Want Water, Get Nuclear – Roger Ingalls
We can debate the dangers and virtues of nuclear power but its proliferation is inevitable. Pro and con arguments are irrelevant. One basic human need makes nuclear power an absolute necessity.
Water is humanity’s lowest common denominator. Without it we die. Drinkable water is precious and in short supply. Only one percent of all water on Earth is potable and accessible. Currently, twenty percent of the world’s population does not have daily access to fresh water. Let me rephrase, “today, November 17, 2011, approximately 1,400,000,000 people will not taste safe water”.
Fast forward 40 years to 2050. The number of people on Earth has increased by 50% and now sits at approximately 11 billion. Since the Earth won’t magically make more potable water, half the world’s population (7 billion) will struggle to survive.
Clearly, something needs to be done. We could just let people die off but that would be an economic disaster because we need an ever-expanding population to fuel our financial system that is based on perpetual growth (crazy as that sounds living on a finite planet).
The only option we have is turning salt water into fresh water. Desalination is an energy intensive process. Today, fossil fuels are already stretched thin and most energy experts say we are in or heading into a peak oil scenario where we are draining cheap oil reserves faster than we can find new ones. Also, oil and natural gas are used to manufacture pesticides and fertilizer (respectively) so they will be in heavy demand for agricultural purposes to feed the new billions.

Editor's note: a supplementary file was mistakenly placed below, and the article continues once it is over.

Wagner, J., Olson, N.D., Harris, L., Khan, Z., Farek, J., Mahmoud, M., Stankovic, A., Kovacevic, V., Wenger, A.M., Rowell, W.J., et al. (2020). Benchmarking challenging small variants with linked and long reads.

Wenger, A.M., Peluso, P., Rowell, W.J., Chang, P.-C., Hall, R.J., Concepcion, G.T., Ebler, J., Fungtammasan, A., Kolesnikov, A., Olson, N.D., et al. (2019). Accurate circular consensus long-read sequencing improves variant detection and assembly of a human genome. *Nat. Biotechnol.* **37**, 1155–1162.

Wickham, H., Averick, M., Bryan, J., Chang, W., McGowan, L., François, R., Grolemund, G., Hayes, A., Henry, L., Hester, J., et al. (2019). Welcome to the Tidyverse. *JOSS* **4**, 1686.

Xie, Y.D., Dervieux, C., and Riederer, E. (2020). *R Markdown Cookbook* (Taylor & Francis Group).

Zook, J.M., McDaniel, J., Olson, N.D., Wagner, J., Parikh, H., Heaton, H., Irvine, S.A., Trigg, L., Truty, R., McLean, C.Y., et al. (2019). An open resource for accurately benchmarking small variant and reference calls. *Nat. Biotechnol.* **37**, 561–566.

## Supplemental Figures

The only way we can produce an adequate amount of fresh water is by running desalination plants with nuclear power.
Again, the arguments about safety are irrelevant. We need to look at this in terms of future lives saved. Nuclear power will prevent the deaths of billions from starvation and thirst. Forget about saving 30 or 40 people from radiation poisoning over the next 50 years – that’s crazy logic.
Think in terms of benefits. Think a generation or two into the future.
* The 104 nuclear power plants operating in the U.S. over the past 40 years have not caused a single death while wind energy has already killed 41 in its short existence.
Roger Ingalls is well traveled and has seen the good and bad of many foreign governments. He hopes his blogging will encourage readers to think more deeply about the American political system and its impact on US citizens and the international community.